Opinion- 30 September 2011

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Illustrations by Nature's

Are the Mechanisms for Funding
 Research Beyond Repair?

Jonathan Burton


pdf file-available from Australasian Science


Scientists  don't have time for science any more -- because they are judged on the amount of money they bring to their institutions, writing, reviewing and administering grants absorb their efforts.


So writes John P. A. Ioannidis who is professor of medicine and of health research and policy, and director of the Stanford Prevention Research Center at Stanford University School of Medicine, as well as professor of statistics at Stanford University School of Humanities and Sciences.


In his article in this week's Nature "More time for research: Fund people not projects"  Professor Ioannidis make no mention of Australia's proposed Excellence in Research for Australia (ERA) as a mechanism for the distribution of a significant portion of federal research funds but he does comment on the UK's Research Assessment Exercise and its replacement the pending Research Excellence Framework:


Metric-based appraisals are familiar to many scientists already, particularly those in European countries. The UK Research Assessment Exercise, for example, relies on them. It is a much hated and debated system for evaluating departments, but its replacement, the Research Excellence Framework, will rely even more on indices when it comes into effect in 2014.


And then their is the requirement either real or perceived that "researcher's [need to]  promise taxpayers specific results to justify research [which] tends to invite either exaggeration or boringly predictable projects".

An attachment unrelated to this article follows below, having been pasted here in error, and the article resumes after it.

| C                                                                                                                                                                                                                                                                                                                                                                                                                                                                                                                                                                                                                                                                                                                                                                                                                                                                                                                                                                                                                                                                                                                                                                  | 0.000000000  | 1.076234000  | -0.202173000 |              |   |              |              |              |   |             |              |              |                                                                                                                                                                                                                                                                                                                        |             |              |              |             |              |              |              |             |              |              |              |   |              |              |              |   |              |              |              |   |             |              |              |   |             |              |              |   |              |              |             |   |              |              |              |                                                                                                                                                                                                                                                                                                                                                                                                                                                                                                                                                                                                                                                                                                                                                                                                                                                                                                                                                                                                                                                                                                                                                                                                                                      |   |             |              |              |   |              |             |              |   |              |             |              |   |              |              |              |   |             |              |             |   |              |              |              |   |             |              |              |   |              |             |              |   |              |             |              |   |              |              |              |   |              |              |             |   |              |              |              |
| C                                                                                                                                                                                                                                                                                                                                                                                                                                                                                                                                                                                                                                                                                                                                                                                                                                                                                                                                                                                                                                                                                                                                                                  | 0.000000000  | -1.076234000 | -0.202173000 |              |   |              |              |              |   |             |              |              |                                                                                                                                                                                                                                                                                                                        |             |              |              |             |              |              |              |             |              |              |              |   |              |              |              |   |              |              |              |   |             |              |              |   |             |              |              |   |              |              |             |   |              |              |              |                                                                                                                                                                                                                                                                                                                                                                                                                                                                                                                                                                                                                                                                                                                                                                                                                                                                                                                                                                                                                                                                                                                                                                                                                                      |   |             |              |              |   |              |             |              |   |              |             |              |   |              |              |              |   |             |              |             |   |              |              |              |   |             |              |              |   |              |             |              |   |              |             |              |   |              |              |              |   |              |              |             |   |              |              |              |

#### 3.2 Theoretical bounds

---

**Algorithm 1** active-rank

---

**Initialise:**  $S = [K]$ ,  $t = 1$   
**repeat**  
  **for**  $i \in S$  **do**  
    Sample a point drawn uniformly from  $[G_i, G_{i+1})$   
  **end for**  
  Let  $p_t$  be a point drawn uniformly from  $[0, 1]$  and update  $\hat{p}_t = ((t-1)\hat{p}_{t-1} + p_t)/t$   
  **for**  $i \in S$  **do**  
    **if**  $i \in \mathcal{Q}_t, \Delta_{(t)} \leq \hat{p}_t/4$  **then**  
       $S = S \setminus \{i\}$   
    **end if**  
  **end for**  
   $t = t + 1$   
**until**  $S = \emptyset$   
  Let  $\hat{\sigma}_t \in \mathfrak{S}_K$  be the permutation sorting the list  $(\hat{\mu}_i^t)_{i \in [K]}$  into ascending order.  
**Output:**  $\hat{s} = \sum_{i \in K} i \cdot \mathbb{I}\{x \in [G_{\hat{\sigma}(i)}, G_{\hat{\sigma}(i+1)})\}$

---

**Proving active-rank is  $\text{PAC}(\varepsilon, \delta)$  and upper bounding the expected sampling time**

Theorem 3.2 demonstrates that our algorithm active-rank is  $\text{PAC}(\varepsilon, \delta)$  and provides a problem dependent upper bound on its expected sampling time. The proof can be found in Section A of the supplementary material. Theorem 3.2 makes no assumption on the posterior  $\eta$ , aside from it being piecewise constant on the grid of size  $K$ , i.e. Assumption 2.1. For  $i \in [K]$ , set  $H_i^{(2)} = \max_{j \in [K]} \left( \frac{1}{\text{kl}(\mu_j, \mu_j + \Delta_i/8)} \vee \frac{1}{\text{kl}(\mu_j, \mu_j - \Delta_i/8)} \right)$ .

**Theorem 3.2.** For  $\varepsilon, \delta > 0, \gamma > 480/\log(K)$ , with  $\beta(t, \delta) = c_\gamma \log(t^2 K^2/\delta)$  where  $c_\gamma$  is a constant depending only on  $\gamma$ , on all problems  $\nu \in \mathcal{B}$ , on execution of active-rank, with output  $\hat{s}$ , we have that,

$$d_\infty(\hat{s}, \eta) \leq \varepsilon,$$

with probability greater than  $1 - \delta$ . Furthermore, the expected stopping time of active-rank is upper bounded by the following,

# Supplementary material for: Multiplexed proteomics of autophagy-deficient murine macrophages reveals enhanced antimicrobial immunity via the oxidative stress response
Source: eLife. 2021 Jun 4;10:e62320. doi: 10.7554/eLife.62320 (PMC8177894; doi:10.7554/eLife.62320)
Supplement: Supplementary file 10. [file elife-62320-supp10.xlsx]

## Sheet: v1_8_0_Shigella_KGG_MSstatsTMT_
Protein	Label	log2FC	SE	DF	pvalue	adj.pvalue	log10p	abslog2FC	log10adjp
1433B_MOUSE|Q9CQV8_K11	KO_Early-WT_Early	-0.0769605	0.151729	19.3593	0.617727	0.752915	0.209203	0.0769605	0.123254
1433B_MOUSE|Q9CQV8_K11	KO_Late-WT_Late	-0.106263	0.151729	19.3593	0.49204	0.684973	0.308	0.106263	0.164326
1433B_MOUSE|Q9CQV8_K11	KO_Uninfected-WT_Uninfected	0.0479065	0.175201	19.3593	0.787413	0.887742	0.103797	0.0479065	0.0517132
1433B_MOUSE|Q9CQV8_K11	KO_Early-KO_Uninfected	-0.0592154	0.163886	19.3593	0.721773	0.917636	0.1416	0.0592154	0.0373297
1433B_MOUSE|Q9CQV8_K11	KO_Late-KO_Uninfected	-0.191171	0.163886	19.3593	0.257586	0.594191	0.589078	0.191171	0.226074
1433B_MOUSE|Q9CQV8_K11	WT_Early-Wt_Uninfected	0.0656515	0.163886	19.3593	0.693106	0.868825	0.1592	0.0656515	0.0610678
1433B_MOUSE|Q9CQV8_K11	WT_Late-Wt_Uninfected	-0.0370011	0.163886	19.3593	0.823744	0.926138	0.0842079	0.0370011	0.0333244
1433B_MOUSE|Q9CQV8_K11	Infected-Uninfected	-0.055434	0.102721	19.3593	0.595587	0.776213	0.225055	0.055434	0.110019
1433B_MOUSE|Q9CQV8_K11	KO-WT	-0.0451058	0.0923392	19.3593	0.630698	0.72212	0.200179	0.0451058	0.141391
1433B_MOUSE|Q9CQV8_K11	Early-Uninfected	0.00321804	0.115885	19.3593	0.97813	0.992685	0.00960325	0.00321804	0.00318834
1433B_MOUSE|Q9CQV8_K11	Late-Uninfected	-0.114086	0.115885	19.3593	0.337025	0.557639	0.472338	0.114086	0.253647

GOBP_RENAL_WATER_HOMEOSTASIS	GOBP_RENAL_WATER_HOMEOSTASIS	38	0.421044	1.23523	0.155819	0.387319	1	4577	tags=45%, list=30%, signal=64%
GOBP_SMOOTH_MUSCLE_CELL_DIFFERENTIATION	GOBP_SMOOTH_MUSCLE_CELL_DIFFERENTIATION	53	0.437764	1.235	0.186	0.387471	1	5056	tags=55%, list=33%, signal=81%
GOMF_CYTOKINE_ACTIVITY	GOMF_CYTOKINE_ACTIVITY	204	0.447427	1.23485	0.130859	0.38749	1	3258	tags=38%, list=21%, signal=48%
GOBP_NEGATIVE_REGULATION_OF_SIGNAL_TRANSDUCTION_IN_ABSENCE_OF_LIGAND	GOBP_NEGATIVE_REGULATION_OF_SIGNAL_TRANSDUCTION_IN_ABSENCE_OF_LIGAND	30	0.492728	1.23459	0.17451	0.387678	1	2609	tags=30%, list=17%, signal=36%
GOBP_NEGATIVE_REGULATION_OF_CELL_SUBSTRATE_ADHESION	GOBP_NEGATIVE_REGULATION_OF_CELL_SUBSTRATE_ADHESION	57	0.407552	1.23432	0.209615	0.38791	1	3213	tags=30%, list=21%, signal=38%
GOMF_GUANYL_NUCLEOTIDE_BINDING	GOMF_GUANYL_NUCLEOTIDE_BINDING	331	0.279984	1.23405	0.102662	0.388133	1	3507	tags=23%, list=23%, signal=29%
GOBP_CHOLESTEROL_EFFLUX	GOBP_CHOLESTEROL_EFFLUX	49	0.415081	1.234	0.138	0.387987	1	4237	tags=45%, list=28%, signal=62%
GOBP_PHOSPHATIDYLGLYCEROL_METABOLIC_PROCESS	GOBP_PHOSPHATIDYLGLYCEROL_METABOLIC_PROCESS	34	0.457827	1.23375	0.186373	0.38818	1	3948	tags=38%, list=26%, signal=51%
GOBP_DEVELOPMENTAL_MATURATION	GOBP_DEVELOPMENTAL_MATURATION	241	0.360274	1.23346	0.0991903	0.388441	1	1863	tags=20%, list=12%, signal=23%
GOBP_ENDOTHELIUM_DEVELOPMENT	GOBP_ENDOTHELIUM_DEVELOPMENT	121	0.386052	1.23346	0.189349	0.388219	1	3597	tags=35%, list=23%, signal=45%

In the table below Professor Ioannidis lists what he considers to be: "some of the most promising proposals to reduce the amount of time scientists spend trying to fund their research, and the pros and cons of each. Definitive fixes would require major system overhauls, which are likely to make some scientists justifiably nervous. But smaller, pilot efforts that enable us to evaluate what works could begin right away".



Finally, there is the continued assessment by the US' National Science Foundation of the use of Second Life where the avatars for groups of peer reviewers for the NSF meet for the evaluation of research proposals. John Bainbridge who is the instigator of the approach estimates that the NSF would save US$10,000 for every panel that works in the virtual world. Currently NSF pays US$3600 p/a rent to Linden Labs, the company that operates Second Life so: "just one normal-sized panel pays for the island more than twice over."


So far as we know no serious approach has been made to NICTA (National ICT Australia Ltd) Australia’s Information and Communications Technology Research Centre of Excellence to work with either the Australian Research Council or the National Health and Medical Research Council to develop a trial system for increasing the quality and efficacy of their peer review systems through a comparable mechanism. Quite apart from any other consideration it ought to make the approach to oversees reviewers considerably more likely to meet with success.


And yet the Minister for Innovation, Industry, Science and Research, Senator Kim Carr, continues to press for heaping yet another bureaucratic layer on academic researchers and university administrators -- it's ludicrous, counter productive, and from a rational viewpoint, indefensible. 


Alex Reisner

The Funneled Web